“Doing good is good business” – One of IGD’s five predictions that will drive change in our industry in 2019. It describes the industry’s move towards more sustainable, green practices, helping to reduce and prevent waste.
Sustainability is now at the heart of many companies’ marketing messages to shoppers, and the supply chain is at the heart of efforts to make progress. The halo effect that comes with an ethical business is an attractive proposition, so expect this trend to be one of the biggest drivers of innovation across the industry in 2019.
Green credentials are a pre-requisite for all shoppers
The challenge for the industry is that shoppers no longer feel environmentally conscious choices should mean paying more. It’s an expectation for all products, no matter the price point or which retailer they are shopping with. 74% of shoppers in our 2018 ShopperVista Category Benchmark Survey stated that they have become more aware of the environmental impact of plastic packaging over the last 12 months, just one example of the impact of programmes such as Blue Planet.
For manufacturers, finding longer term, sustainable production methods within a short-term horizon remains a huge challenge. Shoppers are increasingly demanding action on plastics and waste now, not in the next round of business planning where strategies will be set with 12, 18 or 24-month planning window. This raises the question; How are businesses transforming their sustainability strategies to serve shoppers better now? The following three case studies detail action that’s being taken in different markets.
Where does my steak come from?
Ethical production methods are most important to shoppers in the meat, fish and poultry categories, making it a priority for improvement. M&S has recently launched its interactive sourcing map, allowing shoppers to view the end-to-end supply chain of the products they purchase.
The factories area of its website details the locations and farming methods for its fish & shellfish, beef, milk and wool supply chains. In line with M&S’s “Plan A” strategy, the aim of the tool is to help shoppers make the most informed decisions about where and how the products they purchase are produced.
Source: Marks & Spencer, 2019
“Tinder for Transport”
Unfortunately, I can’t take the accolades for such a catchy headline, that goes to Transporeon, a cloud-based platform provider for intelligent transport planning. Through a pilot facilitated by IGD’s Reducing Wasted Miles programme in 2017, six manufacturers and retailers – some of whom compete – agreed to share information on network and transport flows within their supply chains.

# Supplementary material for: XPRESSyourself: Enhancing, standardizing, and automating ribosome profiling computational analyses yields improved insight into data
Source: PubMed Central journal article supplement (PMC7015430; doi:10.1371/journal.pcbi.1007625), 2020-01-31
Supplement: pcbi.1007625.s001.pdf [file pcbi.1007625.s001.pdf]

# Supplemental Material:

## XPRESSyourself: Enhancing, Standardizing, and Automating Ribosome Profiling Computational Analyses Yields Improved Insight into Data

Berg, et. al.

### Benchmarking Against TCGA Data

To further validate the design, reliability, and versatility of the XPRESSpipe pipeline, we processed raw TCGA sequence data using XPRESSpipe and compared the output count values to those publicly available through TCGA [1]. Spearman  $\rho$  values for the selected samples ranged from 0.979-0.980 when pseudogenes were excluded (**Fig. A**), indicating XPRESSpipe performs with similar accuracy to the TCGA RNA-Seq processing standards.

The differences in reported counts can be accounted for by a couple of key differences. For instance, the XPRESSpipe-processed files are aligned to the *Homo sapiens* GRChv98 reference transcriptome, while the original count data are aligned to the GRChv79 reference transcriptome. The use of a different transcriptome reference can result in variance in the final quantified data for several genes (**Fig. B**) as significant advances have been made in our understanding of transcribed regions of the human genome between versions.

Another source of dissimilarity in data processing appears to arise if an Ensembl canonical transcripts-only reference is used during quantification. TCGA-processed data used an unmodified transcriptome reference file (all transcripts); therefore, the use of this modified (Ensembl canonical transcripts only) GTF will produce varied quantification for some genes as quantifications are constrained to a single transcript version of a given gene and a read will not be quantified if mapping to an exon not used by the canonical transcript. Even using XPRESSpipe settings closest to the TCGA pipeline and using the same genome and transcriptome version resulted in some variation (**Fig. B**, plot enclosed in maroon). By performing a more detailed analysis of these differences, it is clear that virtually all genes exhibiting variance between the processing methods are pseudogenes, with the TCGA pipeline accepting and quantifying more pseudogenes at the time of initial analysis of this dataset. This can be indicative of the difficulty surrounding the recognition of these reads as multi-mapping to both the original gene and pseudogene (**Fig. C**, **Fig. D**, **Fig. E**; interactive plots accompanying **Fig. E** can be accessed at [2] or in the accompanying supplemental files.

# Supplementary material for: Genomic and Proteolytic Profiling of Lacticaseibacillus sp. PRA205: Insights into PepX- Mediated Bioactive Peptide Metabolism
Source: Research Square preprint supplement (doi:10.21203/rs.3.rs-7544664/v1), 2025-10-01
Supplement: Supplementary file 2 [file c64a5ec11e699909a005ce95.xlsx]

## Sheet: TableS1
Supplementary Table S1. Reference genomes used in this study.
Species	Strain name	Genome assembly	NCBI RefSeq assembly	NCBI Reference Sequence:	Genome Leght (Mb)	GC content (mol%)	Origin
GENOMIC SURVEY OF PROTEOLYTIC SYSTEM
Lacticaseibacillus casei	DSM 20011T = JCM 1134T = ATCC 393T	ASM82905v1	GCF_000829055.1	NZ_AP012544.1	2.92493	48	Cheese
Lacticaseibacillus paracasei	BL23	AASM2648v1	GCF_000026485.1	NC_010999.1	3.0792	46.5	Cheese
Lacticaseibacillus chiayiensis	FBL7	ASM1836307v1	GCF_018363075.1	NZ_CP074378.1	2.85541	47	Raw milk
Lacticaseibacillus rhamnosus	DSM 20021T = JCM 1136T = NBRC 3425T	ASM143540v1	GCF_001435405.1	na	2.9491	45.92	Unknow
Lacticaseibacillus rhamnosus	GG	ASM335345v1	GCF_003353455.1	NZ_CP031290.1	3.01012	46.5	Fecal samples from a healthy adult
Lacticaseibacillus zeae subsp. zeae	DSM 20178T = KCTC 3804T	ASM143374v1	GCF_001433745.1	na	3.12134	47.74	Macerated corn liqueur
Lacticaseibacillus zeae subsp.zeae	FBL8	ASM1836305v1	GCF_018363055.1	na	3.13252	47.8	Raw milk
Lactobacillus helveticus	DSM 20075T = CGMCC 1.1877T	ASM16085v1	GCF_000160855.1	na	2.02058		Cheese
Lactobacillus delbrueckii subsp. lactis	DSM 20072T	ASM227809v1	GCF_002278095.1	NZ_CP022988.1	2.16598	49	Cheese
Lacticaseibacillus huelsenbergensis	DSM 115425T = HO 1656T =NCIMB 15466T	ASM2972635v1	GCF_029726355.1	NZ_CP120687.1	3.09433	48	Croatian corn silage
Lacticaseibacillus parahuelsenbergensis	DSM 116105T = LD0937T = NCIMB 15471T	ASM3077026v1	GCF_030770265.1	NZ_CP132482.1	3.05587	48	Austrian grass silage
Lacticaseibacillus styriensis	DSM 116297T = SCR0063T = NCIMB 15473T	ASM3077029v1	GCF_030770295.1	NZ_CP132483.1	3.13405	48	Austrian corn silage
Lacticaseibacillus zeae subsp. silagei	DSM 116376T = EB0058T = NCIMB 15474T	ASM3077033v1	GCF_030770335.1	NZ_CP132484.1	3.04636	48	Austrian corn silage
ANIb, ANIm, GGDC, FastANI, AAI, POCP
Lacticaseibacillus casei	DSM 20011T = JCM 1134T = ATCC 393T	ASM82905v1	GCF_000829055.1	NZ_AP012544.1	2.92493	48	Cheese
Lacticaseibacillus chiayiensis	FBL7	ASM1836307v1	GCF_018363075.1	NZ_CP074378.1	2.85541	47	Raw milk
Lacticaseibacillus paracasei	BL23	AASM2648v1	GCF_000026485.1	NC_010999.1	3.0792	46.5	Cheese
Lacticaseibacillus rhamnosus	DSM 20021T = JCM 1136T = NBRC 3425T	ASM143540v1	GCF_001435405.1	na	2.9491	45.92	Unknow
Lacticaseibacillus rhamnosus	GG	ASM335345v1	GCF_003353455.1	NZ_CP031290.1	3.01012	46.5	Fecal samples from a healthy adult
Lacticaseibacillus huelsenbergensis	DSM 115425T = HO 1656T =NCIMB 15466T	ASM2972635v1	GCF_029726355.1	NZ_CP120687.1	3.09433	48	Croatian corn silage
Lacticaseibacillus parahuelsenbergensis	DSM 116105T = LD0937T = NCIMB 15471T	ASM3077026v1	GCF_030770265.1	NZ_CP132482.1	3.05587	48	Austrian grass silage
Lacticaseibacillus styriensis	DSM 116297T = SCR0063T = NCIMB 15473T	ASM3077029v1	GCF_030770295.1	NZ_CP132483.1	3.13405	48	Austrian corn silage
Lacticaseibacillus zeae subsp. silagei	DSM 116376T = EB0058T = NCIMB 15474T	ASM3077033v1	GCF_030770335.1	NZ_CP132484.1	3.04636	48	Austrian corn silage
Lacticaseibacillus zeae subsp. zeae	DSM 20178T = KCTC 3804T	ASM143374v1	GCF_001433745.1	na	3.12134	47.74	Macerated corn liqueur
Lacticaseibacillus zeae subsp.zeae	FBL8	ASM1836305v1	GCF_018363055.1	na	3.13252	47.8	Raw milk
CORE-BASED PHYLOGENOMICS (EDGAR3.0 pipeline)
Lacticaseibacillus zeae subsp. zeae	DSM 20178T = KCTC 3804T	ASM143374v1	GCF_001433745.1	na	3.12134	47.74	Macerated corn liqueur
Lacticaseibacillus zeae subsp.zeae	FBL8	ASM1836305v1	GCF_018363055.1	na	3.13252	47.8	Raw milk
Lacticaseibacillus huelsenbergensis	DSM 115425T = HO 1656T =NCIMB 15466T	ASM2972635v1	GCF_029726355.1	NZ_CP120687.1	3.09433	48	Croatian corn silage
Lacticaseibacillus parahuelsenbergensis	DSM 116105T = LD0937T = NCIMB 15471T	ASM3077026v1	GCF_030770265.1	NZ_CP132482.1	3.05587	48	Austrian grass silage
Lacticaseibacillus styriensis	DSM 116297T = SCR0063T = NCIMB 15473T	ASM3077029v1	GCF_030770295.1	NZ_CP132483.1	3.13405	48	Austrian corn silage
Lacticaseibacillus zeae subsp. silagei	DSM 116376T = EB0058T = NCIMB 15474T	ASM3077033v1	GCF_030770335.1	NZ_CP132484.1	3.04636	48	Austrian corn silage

The working group selected Transporeon to collect, analyse and draw insights from the hundreds of thousands of data records, highlighting opportunities to share transport between manufacturer sites and distribution centres and between retailer DC’s and stores.
Although there were many barriers to overcome, mainly centred around trust and competitive advantage, the group uncovered a safe and successful route to collaboration, allowing the work to reveal a clear opportunity, proving the concept’s potential. The work is summarised in this report.
If this pilot can be scaled across the industry, many benefits will be realised, from the environmental benefit of removing countless tonnes of CO2 from the atmosphere, to cost savings from sharing transport. It’s a true example of an initiative that translates “doing good” into a great business result.
Factories for plants… farms?... not quite
In a collaboration between JD.com and Mitsubishi Chemical in China, a hydroponic “plant factory” has been built, spanning over 11,000 sq. m of space in a closed production environment – the key differentiator between a farm and factory.
Using hydroponic technology and solar light sources, the factory can control temperature, humidity and light conditions to maximise the output of crops grown, including spinach, lettuce and coriander. For JD.com shoppers, this is a way to source nutritious, safe products, free from disease that are environmentally beneficial and less resource intensive than traditional farming methods – a win-win for all parties. Although in its infancy, this method of farming could be beneficial for environmentally extreme climate zones where resources are at a premium and pressure on land challenges traditional agriculture – think California or Dubai.
The driver for innovation
As we have seen with the three case studies explored, environmentally friendly innovations are springing up at various points in the food chain. From farming and manufacturing to logistics and stores. What’s different is that businesses are using these innovations as a source of competitive advantage, not just to fulfil a sustainability measure in annual reporting.
If you’d like to find about more about sustainable supply chains, take a look at our Resilient and Responsive topic area to access the latest insights.